Background: Possibility of curative resection by lobectomy for non-small cell lung cancer is often denied patients with compromised pulmonary reserve. Analysis of survival of such patients treated by wedge resection was compared with that of patients treated by standard resection, with both groups followed for 10 years.
Design: A prospective 5-year cohort study.
Methods: From 1988 to 1992, an observational cohort of 127 consecutive resected patients at Memphis VA Medical Center was divided into those receiving lobectomy in 81 cases and pneumonectomy in 15 cases (group I) versus 31 patients with compromised pulmonary reserve (group II), who had complete tumor excision by wedge resection. Preoperative clinical staging was corrected to surgical-pathological staging after demonstration of its superiority. Survival estimates were obtained by Kaplan-Meier method with curves compared by log rank tests, with all-cause mortality calculated from date of surgery.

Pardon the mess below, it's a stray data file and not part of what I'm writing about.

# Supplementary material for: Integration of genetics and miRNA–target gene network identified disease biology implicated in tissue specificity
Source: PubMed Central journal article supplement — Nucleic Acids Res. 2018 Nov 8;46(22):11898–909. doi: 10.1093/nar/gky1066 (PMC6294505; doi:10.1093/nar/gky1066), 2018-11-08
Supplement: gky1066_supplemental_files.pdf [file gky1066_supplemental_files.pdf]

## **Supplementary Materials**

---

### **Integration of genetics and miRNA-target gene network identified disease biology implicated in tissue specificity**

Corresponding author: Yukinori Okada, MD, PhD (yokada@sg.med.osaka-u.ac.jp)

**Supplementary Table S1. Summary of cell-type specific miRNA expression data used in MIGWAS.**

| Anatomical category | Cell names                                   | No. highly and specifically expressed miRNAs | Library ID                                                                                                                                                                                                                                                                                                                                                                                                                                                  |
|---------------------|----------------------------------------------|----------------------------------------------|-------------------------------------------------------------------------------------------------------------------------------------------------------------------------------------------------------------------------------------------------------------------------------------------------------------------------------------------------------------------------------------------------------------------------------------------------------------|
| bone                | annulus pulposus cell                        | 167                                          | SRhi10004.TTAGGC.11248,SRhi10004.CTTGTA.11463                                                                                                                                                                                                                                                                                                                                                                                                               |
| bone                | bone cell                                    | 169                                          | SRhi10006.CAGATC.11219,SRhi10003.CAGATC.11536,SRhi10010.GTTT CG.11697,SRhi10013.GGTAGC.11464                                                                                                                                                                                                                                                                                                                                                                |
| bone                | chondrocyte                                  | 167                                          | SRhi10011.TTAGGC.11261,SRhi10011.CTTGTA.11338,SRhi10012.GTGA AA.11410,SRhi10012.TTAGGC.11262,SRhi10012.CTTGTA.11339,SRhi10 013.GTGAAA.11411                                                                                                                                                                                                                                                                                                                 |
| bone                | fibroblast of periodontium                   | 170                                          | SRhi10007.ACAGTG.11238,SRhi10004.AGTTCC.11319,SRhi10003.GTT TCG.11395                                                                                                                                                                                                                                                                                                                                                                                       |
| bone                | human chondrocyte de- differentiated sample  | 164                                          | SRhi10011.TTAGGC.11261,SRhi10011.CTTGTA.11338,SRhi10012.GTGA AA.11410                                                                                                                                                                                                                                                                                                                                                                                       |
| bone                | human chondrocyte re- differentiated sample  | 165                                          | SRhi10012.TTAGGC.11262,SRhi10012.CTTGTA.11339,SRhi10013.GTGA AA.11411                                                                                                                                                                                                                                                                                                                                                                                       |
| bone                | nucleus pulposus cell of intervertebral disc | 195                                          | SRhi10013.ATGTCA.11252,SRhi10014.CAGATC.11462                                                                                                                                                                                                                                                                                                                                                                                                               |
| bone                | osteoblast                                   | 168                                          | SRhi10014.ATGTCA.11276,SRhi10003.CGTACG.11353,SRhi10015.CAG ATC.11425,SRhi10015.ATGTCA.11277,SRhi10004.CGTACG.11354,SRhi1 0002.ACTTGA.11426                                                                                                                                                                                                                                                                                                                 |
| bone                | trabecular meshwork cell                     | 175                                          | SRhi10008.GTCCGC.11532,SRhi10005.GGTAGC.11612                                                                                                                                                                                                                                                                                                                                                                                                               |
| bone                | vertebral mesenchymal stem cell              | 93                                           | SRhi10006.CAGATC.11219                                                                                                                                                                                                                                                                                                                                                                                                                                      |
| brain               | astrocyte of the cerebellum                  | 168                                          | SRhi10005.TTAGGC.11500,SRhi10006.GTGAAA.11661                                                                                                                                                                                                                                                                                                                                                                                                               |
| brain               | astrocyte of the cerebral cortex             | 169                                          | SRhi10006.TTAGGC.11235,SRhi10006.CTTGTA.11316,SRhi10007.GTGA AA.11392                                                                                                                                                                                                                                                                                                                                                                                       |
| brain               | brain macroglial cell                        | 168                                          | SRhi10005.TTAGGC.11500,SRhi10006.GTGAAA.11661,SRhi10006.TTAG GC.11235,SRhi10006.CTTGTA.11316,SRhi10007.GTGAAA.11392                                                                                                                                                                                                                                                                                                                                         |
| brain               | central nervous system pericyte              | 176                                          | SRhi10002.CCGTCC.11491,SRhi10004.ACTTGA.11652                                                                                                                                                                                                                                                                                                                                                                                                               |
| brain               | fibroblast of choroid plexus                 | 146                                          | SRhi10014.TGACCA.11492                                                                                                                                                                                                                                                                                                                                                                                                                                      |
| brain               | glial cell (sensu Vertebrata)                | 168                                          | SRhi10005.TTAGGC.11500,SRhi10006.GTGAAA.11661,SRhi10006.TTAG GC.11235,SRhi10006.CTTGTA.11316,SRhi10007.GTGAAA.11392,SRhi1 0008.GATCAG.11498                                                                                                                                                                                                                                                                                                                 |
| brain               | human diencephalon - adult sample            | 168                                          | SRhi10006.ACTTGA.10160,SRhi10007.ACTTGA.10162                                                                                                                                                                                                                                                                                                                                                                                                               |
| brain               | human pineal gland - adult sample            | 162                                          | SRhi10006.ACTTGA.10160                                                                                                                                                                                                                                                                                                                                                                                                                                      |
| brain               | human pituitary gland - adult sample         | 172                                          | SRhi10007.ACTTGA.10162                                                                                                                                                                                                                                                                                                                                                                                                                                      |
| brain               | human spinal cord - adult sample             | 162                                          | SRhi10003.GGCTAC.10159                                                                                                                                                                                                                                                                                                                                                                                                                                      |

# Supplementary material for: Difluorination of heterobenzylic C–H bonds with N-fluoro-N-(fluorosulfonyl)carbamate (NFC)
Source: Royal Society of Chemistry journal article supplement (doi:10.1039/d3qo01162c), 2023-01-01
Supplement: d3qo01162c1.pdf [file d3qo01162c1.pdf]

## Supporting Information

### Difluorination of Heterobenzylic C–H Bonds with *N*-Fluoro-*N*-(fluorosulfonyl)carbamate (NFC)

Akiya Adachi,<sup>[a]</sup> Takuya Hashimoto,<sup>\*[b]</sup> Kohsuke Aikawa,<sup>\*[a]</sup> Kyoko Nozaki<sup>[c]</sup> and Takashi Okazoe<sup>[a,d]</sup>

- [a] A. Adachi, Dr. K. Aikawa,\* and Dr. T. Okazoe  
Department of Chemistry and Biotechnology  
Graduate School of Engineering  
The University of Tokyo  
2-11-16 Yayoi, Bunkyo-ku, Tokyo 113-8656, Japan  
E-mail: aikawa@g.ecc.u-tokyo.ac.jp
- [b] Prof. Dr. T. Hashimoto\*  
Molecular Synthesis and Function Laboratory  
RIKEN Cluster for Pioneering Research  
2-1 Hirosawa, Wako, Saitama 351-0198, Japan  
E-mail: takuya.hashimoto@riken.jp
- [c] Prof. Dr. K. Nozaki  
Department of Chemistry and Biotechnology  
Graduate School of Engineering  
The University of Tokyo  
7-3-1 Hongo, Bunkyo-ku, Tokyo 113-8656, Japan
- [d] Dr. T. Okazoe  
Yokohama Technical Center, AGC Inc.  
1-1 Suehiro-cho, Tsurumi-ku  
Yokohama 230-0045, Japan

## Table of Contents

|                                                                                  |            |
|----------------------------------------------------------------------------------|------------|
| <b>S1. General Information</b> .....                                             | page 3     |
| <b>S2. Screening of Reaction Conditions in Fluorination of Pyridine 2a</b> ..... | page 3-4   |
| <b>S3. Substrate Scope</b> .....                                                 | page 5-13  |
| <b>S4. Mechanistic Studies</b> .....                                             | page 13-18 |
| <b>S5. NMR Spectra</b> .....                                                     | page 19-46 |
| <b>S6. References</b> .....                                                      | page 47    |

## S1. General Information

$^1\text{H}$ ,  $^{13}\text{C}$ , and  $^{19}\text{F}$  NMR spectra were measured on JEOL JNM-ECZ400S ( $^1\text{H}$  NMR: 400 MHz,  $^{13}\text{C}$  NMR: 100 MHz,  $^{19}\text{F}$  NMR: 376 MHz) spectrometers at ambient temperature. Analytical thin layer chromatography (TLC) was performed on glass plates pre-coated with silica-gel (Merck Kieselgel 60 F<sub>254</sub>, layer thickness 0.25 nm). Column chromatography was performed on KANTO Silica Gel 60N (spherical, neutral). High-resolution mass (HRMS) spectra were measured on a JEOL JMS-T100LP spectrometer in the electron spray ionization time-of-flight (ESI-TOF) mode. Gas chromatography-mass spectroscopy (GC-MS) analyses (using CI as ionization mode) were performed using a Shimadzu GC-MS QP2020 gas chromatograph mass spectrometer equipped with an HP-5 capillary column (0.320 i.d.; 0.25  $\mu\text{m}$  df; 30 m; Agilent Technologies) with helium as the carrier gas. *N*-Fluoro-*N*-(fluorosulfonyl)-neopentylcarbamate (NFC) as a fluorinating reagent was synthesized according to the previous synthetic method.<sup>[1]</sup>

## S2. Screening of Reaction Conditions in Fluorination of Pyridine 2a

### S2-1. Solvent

Results: Extent of disease in group I was 58% stage I, 19% stage II, and 23% stage III. In group II, extent of disease was 84% stage I, 3% stage II, and 14% stage III. Group I median survival was 26 months with 30% 5-year survival; for group II, median survival was 30 months and 32%. Kaplan-Meier survival plots showed similar curves in groups I and II. Realizing less extent of disease in group II, another Kaplan-Meier plot restricted to stage I and II patients showed overlapping survival curves for groups I and II.
Conclusion: Survival during 10-year observation was similar for patients with pulmonary insufficiency treated by wedge resection to that of patients receiving standard resection in this single-institution consecutive cohort.